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Siemens to Sell Innomotics to KPS Capital Partners for $3.8 Billion — Update

By Adria Calatayud


Siemens agreed to sell its Innomotics large motors business to private-equity firm KPS Capital Partners for 3.5 billion euros ($3.81 billion), including debt, the latest move by the German industrial giant to reshuffle its portfolio.

Europe's largest industrial company has been looking to simplify its sprawling operations in recent years. It listed separately its energy and health technology units, Siemens Energy and Siemens Healthineers, and offloaded smaller businesses such as Flender and its mail-and-parcel logistics unit.

Industrial companies worldwide have been taking steps to shrink their footprints to sharpen their focus. In the U.S., General Electric in 2021 decided to split into three publicly traded companies, as did chemical conglomerate DowDuPont.

Some investors apply so-called conglomerate discounts to companies that own businesses in different sectors, which means the sum of the parts as a whole is less valuable than the individual parts.

Siemens had previously said Innomotics was the last major asset in its portfolio companies segment, where it houses businesses that are divestment candidates. Siemens's industrial business now spans digital industries, smart infrastructure and mobility.

Last year, the group carved out Innomotics and said it would start preparations for a potential public listing.

Siemens expects to book a gain of about EUR2 billion from the sale, Chief Executive Roland Busch said on a conference call on Thursday.

KPS separately said the price of the deal is on an enterprise value basis, including debt.

KPS Co-Founder and Co-Managing Partner Michael Psaros said Innomotics is poised to benefit from trends such as electrification, energy efficiency, digitalization, urbanization and the commercialization of new energy resources such as hydrogen.

Innomotics makes about EUR3.3 billion in annual revenue and employs around 15,000 people, Siemens said.

Siemens expects the deal to close in the first half of fiscal 2025, which ends in March next year, but said completion is subject to customary foreign-investment and merger control approvals.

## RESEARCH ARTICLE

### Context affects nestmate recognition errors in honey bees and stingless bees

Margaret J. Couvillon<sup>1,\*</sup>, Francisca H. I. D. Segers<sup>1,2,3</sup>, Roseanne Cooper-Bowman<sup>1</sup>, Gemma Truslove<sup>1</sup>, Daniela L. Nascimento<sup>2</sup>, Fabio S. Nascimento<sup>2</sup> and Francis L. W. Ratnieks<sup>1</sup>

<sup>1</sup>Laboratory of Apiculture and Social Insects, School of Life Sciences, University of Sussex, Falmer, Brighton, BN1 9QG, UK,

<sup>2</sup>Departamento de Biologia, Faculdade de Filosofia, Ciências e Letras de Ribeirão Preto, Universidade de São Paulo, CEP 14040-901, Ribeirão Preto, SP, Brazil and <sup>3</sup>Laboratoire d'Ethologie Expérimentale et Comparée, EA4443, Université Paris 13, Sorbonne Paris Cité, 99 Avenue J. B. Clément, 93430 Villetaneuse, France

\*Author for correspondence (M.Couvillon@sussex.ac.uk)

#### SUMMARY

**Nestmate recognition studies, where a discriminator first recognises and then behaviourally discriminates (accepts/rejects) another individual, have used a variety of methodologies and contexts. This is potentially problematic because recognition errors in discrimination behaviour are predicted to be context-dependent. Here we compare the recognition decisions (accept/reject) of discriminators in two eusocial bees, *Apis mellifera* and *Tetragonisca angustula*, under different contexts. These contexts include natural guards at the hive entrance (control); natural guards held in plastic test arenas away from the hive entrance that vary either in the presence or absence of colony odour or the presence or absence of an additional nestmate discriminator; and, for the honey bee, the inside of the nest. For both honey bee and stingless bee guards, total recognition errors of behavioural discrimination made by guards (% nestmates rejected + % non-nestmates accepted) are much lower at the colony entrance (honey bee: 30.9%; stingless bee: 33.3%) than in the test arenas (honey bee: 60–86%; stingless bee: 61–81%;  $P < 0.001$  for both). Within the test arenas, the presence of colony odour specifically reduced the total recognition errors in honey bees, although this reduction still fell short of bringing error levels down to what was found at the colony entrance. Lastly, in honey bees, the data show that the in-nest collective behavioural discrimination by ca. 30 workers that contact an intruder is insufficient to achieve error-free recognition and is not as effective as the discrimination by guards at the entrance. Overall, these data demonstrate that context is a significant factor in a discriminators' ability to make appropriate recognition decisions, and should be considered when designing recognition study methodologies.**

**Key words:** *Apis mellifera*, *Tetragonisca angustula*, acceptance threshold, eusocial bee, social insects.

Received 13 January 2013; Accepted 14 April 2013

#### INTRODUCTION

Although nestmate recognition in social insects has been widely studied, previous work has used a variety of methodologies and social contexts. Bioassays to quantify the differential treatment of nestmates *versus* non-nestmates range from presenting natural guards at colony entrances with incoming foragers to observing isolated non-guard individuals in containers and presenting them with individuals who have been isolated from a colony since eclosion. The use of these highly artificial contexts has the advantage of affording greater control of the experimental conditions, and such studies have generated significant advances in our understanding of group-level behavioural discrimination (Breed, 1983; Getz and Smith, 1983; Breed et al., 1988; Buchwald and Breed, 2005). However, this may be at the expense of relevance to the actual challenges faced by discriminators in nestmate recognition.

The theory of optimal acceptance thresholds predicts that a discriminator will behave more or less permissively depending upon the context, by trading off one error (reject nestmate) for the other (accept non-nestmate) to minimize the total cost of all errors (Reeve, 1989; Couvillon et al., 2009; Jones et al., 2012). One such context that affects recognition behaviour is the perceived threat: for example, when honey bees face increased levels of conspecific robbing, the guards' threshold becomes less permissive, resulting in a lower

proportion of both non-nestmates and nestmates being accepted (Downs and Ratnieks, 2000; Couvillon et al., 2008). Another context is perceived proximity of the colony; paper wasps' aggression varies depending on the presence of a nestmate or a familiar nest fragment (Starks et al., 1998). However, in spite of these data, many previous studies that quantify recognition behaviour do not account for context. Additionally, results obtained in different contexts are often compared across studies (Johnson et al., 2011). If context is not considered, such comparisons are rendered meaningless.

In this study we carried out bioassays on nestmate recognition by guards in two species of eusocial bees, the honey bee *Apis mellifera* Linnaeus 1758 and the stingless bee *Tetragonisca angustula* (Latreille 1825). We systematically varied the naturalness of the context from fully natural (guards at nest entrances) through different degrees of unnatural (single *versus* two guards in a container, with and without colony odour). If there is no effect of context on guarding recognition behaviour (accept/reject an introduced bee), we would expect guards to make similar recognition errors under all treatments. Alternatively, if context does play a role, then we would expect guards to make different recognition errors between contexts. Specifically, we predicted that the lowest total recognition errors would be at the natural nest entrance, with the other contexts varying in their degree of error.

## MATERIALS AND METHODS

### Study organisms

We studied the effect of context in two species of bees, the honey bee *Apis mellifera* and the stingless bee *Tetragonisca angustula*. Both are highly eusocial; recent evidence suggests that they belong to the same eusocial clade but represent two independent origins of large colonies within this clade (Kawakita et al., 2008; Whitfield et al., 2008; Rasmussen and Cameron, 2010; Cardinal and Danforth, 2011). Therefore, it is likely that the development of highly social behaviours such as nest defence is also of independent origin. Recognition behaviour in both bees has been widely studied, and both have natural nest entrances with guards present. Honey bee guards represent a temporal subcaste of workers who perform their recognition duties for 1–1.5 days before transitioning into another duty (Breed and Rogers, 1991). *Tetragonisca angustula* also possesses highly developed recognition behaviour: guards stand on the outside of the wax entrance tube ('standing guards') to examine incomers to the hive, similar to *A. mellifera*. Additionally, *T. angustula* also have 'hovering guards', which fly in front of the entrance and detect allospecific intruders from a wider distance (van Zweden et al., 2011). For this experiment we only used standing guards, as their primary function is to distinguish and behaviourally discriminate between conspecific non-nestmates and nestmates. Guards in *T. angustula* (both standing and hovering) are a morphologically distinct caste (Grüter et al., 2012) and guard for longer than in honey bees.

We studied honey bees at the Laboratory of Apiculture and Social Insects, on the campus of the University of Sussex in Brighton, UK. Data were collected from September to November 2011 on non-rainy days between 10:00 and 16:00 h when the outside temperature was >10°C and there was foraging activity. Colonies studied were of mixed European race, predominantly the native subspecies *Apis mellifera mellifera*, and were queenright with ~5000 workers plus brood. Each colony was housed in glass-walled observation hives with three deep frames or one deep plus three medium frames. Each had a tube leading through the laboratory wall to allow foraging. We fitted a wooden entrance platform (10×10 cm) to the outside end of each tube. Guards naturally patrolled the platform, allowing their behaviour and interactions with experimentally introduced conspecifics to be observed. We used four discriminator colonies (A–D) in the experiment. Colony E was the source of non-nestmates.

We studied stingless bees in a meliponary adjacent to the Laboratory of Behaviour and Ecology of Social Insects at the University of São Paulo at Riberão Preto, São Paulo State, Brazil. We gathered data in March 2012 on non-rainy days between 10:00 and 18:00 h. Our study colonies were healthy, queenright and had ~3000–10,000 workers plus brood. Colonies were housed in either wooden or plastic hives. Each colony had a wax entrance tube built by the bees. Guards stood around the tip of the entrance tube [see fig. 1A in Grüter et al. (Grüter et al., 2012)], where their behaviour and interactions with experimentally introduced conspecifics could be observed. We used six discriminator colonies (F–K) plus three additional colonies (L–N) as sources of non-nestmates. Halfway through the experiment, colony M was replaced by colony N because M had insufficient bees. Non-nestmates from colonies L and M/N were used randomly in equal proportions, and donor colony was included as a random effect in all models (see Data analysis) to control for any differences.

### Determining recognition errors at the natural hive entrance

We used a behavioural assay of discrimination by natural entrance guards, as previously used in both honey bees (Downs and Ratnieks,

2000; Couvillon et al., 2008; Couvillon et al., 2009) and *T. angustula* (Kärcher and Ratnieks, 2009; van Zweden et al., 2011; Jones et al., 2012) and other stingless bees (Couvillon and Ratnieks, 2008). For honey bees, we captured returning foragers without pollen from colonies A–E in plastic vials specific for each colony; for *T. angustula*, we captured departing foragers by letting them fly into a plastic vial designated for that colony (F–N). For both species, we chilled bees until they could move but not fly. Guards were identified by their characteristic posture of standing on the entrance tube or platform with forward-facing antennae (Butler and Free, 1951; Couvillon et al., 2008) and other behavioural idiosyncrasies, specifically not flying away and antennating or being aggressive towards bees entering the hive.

News of the sale came as Siemens cut guidance for its closely watched digital industries unit in the year to September, citing a slower-than-expected recovery in its China automation operations, but raised its forecast for the smart infrastructure division.

At 0712 GMT, Siemens shares traded 1.7% lower at EUR184.60.

Siemens now projects digital industries comparable revenue to fall by 4% to 8% in fiscal 2024, against previous expectations for a rise of up to 3%, and lowered its forecast for the division's profit margin to 18%-21% from 20%-23%.

The company said its group-level outlook for fiscal 2024 remains unchanged, with comparable revenue growth still expected at 4% to 8%.

For the quarter to March, the company made a net profit of EUR2.03 billion, compared with EUR3.48 billion for the same period last year.

Revenue fell to EUR19.16 billion from EUR19.42 billion, with declines in its digital industries and mobility divisions offsetting a rise in smart infrastructure.

Analysts had expected Siemens to report net profit of EUR1.67 billion on revenue of EUR19.28 billion, according to consensus estimates compiled by the company.


Write to Adria Calatayud at


(END) Dow Jones Newswires

May 16, 2024 03:43 ET (07:43 GMT)

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